It was a night for Francophiles. An official-looking man with a badge around his neck stood in the lobby before PIAF! THE SHOW. When asked a question, he smiled, shrugged apologetically and said in a strong French accent, “sorry, no English.”
Some translated lyrics in a souvenir booklet and a few comments from performer Anne Carrere were all the English to be found on Sunday night at the Athenaeum Theatre. A powerhouse singer, Carrere took the audience through the life of French chanteuse Edith Piaf via songs in her native tongue.
PIAF! THE SHOW is for those in the know
Carrere is such an electric performer, she could hold any stage in any language. She is crystal clear, disciplined and absolutely charming. But the show itself, written and directed by Gil Marsalla, best serves Piaf aficionadas and those who prefer an upbeat take on a gritty life. Carrere and her four accompanying musicians track Piaf’s 47 years with minimal biographical support to the songs.
Projected against the upstage wall, misty photos of Paris, plus newspaper headlines and headshots of Piaf’s love interests, stream almost continuously. Sometimes it’s evocative, sometimes it’s distracting, sometimes it’s confusing. Case in point: a series of photos of soldiers in sandy terrain. It’s easy enough to guess France’s colonial involvement in North Africa. But not everyone would understand that Piaf dedicated a recording of “Non, je ne regrette rien” to French Foreign Legion soldiers during the Algerian War.
ATHENAEUM THEATRE’s presentation stays on the sunny side
More confusing for this viewer was the dominant tone of the first half of the show. The word “perky” comes to mind. Piaf led a mostly tragic life that began literally singing for her supper on the streets of Paris. Of course that meant projecting joy to survive. But listen to her recordings and the pain beneath the perk comes through. Throughout Act I’s survey of Piaf’s early years, it feels like the brothel-raised “Little Sparrow” dwelled mostly on the sunny side. Carrare even changes from chic youthful slacks to a dress that suggests an Air France stewardess more than a rising nightclub star.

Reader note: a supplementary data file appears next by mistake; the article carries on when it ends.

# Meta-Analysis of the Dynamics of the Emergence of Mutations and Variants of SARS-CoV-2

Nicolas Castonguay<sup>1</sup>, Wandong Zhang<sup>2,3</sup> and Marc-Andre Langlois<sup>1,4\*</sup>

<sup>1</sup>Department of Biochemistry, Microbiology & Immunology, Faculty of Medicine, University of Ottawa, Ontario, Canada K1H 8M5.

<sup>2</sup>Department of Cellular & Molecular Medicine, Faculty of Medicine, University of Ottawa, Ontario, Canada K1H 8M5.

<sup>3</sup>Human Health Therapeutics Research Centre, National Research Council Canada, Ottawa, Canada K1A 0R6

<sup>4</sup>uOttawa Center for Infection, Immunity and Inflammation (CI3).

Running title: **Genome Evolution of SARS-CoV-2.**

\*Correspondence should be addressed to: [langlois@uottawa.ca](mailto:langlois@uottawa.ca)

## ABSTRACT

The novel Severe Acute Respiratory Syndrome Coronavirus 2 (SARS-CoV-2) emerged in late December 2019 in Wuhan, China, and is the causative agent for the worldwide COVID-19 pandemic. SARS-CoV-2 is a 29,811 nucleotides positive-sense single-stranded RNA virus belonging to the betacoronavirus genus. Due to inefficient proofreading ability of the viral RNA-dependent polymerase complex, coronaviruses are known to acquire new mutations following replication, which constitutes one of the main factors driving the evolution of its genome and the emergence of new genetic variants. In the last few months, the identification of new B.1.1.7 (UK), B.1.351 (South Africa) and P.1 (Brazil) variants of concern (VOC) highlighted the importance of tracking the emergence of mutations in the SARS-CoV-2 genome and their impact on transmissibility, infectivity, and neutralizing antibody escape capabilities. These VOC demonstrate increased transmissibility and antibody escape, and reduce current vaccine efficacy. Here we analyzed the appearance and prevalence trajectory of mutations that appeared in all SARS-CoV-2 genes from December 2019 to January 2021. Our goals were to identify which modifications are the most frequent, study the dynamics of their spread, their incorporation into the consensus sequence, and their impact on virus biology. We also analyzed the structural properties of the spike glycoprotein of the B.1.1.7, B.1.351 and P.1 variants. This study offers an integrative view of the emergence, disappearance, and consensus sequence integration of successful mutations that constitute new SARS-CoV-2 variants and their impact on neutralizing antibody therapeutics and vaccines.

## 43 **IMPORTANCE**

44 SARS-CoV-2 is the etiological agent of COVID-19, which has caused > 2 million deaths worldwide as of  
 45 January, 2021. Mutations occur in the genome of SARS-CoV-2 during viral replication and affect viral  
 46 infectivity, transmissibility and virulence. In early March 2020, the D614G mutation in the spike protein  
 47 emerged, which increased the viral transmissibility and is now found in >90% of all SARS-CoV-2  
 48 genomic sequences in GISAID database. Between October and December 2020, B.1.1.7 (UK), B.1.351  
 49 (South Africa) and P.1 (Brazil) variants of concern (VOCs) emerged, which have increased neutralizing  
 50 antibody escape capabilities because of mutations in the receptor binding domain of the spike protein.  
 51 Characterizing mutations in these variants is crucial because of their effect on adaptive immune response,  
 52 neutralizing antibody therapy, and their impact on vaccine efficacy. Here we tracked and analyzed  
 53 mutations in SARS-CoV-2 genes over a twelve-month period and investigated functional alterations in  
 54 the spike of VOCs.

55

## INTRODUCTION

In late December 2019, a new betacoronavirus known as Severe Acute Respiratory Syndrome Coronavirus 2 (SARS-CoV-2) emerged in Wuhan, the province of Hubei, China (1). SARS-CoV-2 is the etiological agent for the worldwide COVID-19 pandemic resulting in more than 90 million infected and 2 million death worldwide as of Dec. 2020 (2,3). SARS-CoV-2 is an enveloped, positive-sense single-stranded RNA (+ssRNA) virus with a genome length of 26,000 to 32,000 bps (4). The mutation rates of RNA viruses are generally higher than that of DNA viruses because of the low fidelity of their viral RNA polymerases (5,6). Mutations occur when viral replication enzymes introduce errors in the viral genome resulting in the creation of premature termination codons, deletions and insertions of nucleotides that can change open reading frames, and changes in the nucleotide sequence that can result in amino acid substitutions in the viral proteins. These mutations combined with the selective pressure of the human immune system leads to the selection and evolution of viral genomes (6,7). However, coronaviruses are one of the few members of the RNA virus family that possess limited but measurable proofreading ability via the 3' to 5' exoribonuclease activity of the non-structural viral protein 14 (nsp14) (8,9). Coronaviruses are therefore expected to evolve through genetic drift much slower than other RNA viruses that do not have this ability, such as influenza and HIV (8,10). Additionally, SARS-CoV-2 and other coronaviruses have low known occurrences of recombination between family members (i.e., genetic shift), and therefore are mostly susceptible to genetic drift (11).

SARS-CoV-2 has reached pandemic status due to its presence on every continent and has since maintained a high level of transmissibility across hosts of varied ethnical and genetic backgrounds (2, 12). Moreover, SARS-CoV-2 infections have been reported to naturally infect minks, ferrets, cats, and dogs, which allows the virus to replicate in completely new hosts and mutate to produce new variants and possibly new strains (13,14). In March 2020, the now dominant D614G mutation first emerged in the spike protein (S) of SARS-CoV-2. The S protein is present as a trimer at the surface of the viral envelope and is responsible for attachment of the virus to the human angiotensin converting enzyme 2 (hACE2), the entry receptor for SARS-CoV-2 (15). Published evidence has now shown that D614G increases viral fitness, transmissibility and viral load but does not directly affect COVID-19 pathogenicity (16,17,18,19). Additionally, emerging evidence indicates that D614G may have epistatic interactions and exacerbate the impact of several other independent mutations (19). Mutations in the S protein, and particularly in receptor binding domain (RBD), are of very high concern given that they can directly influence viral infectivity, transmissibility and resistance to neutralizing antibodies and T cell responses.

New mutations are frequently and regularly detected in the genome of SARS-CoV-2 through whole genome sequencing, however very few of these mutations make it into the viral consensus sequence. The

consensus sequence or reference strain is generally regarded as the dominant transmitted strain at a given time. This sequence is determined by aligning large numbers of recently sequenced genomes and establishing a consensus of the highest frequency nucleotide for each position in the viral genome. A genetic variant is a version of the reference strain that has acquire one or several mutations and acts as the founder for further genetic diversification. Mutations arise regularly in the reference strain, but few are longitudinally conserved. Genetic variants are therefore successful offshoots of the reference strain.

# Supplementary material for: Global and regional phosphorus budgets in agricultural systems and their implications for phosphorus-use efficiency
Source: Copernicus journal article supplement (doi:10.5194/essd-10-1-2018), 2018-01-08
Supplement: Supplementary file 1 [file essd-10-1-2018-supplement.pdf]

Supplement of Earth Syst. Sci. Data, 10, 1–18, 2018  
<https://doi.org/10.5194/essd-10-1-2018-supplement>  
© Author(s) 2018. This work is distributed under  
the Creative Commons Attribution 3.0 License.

With Carrare looking and sounding so delighted by it all, where is the tormented soul grasping for happiness? Carrere gives us a taste of that in the second half of the show. Her renditions of Piaf’s greatest hits have more complexity. And Carrere’s interplay with men in the audience starts to convey just how much Piaf craved male approval.
Piaf’s signature song, “La Vie en Rose,” says it all: In the arms of a lover, life takes on a rosy hue. It’s like wearing rose-tinted glasses. PIAF! THE SHOW soars thanks to Anne Carrere’s considerable talents. But too often, it dispenses with the glasses and just gives us the rose.
For more information, go to the PIAF! THE SHOW WEBSITE.
Susan Lieberman is a Jeff-winning, Emmy-nominated playwright, journalist and script consultant who commits most of her waking hours to Chicago theatre.